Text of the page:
In a series of tweets, the PM continued: ‘Meanwhile as any parent or teacher knows the rise in vaping among children is a worrying trend. So we’ll also bring forward measures to restrict the availability of vapes to our children. We’ll look at flavours, packaging, point-of-sale displays as well as disposable vapes.
‘We will not criminalise smoking – nor will anyone who can legally be sold cigarettes today be prevented from doing so in the future. But we have a chance to cut cancer deaths by a quarter and significantly ease huge pressures on the NHS. We should take it.’
Despite the plans being hailed by health campaigners, the proposals have also been branded ‘ludicrous’, ‘illiberal’ and ‘anti-conservative’ by critics of state intervention on people’s freedoms, while a smoker’s group labelled the crackdown ‘creeping prohibition’.
Former PM Liz Truss – who this week demanded the Tories to ‘stop taxing and banning things’ – is set to vote against Mr Sunak’s plans when he offers a free vote to MPs on the issue in the House of Commons.
Nigel Farage, the former UKIP leader who was feted by Tory activists at their Manchester conference, this morning condemned the ‘stupid’ plan and warned it would just create a ‘black market’.
It is estimated that tobacco duties will raise £10.4billion for the Treasury this year, with that amount now set to decrease under the PM’s New Zealand-style plan to phase out legal sales. New Zealand introduced a similar ban last December.
Speaking on BBC Radio 4’s Today programme after his conference speech, Mr Sunak insisted there was ‘no safe level of smoking’ when he was quizzed about restricting people’s right to choose.
‘Smoking is unequivocally the single biggest preventable cause of death, disability and illness in our society,’ the PM said.
‘Everyone recognises this measure will be the single biggest intervention in public health in a generation. That’s why I believe it’s the right thing to do.’
He added: ‘Does anybody – however much they believe in choice as I do – want their children or grandchildren to grow up to smoke? I think the answer to that is probably not. This policy will make that a reality.’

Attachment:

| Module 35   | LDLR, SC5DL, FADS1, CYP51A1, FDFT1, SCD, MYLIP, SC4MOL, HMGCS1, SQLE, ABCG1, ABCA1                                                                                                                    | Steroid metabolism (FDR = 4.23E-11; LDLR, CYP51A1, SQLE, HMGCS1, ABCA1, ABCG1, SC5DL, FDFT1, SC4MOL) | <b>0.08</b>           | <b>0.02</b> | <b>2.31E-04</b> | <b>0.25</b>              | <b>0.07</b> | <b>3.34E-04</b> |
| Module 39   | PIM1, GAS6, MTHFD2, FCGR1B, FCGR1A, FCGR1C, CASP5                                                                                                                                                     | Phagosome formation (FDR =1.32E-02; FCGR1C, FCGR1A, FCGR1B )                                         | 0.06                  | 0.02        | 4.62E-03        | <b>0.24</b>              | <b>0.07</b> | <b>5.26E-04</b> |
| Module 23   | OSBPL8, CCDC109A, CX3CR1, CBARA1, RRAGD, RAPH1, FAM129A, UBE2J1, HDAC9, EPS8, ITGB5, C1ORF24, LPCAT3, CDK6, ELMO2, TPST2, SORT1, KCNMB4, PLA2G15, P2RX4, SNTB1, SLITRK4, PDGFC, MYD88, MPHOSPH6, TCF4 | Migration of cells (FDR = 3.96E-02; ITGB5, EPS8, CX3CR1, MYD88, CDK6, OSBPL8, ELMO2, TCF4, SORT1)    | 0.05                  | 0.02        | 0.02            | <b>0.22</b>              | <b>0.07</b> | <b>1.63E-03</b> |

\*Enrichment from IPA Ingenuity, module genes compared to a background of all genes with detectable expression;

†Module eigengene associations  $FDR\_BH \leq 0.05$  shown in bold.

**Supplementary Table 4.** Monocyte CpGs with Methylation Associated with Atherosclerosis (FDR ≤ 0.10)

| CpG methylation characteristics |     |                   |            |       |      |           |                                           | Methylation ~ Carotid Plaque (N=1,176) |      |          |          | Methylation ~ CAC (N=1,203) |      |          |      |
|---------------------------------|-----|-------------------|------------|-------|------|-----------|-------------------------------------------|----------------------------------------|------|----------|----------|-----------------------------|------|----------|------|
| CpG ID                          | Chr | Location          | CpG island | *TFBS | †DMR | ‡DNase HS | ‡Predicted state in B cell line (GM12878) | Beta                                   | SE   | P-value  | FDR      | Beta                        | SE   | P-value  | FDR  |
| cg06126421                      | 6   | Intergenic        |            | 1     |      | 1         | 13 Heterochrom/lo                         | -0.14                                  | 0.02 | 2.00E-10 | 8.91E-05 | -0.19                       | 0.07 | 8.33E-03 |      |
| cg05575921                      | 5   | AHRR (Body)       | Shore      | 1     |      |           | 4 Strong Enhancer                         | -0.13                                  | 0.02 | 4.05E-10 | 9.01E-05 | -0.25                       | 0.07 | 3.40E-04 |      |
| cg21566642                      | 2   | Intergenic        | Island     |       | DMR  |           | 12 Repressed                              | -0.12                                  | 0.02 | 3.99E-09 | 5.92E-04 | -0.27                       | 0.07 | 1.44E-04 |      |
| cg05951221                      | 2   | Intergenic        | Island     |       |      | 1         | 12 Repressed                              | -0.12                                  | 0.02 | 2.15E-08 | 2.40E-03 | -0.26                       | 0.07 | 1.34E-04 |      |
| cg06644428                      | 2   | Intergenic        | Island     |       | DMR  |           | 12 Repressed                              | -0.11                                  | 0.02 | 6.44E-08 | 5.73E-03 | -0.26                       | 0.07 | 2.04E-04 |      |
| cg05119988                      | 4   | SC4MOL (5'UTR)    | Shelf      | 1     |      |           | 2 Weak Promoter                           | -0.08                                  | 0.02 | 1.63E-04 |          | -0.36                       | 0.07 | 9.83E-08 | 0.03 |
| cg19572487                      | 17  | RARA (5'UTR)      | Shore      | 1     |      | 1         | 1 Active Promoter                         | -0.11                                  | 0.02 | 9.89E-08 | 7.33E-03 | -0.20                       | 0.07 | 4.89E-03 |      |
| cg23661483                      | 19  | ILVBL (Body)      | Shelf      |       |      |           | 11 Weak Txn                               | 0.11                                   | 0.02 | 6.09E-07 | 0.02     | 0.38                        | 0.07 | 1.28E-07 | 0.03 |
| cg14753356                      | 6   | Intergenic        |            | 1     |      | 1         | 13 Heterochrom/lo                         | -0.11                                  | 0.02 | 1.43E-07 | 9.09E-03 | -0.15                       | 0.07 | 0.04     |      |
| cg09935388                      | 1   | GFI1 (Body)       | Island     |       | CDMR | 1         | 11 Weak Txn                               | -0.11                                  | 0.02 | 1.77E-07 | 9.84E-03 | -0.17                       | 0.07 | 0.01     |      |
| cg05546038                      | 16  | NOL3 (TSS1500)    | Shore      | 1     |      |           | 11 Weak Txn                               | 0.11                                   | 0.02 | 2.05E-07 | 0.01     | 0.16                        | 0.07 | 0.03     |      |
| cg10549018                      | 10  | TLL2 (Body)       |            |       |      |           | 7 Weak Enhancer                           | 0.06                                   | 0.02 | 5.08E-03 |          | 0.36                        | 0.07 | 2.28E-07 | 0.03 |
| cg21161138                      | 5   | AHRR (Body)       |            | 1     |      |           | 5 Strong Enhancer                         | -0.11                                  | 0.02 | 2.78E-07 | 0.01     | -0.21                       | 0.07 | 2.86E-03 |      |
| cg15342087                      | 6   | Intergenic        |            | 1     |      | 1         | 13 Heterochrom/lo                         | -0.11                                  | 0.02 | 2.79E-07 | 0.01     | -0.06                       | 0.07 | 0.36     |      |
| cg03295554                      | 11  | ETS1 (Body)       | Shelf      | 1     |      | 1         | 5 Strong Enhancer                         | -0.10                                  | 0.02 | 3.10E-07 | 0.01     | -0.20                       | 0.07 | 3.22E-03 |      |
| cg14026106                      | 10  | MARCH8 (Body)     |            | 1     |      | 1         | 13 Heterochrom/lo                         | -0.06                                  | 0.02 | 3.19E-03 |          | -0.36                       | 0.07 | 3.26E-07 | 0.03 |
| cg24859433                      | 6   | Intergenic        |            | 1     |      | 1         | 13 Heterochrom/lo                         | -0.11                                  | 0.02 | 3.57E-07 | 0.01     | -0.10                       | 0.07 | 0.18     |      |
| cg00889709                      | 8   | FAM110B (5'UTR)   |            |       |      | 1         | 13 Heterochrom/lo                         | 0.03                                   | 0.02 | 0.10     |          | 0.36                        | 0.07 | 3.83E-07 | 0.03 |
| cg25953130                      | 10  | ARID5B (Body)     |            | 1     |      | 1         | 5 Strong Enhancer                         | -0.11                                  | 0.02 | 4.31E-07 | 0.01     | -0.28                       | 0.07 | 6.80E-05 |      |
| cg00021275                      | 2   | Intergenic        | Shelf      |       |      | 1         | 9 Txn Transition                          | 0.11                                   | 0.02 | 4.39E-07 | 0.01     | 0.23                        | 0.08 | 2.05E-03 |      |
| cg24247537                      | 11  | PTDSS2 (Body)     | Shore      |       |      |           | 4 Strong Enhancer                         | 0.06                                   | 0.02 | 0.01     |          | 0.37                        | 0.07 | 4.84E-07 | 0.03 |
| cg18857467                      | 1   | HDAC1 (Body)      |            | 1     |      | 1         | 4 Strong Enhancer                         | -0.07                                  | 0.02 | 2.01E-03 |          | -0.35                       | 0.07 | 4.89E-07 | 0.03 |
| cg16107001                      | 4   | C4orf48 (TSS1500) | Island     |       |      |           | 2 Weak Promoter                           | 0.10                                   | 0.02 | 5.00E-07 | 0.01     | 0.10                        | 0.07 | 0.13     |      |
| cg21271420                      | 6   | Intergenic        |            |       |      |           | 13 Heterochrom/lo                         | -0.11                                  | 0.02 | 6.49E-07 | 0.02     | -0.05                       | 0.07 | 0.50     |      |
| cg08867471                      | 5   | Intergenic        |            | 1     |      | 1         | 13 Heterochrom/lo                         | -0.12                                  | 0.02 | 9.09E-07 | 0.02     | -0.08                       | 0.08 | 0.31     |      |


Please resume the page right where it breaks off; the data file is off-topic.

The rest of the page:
The PM was challenged on why he was taking measures to ban the future sale of cigarettes but in June pushed back part of the Government’s anti-obesity strategy, saying he believed in ‘people’s right to choose’.
Mr Sunak said smoking cigarettes was not the same as eating crisps or a piece of cake because it could not be part of a balanced diet and there was no safe level of smoking.
Mr Farage, appearing on ITV’s Good Morning Britain, said: ‘How a man that clever can bring in a law this stupid, I do not know. All you do is create a black market.’
Another critic of Mr Sunak’s plans, Tory MP Sir John Hayes, said: ‘If the PM had wanted to raise the smoking age to 21 then most people would have supported him.
‘But this is a ludicrous idea and will end up with 40 year-olds being allowed to smoke but 39 year-olds not at some point.
‘People will forever be having to confirm their age. I can’t imagine why the PM has been persuaded by this madness.’
Christopher Snowdon, of the Institute of Economic Affairs think tank, said: ‘Not only is this prohibitionist wheeze hideously illiberal and unconservative, it is full of holes.
‘It will create a two tier society in which adults buy cigarettes informally from slightly older adults and will inflate the black market in general.’
Simon Clark, director of smokers’ group Forest, labelled the crackdown ‘creeping prohibition’ and said he does not think the policy will work.
‘Prohibition very, very rarely works,’ he told BBC Breakfast. ‘We’re infantilising the population there’s an important principle at stake here, which is freedom of choice and personal responsibility.’
But Sir Chris Whitty, chief medical officer for England, hit out at ‘bogus’ claims the plans will not reduce smoking rates.
He said: ‘Most people who smoke wish they had never taken it up. They try to stop and they can’t. And that’s the point – their choice has been taken away from them.
‘As a doctor I’ve seen many people in hospital desperate to stop smoking, because it’s something which is killing them, and yet they cannot. Their choice has been removed.’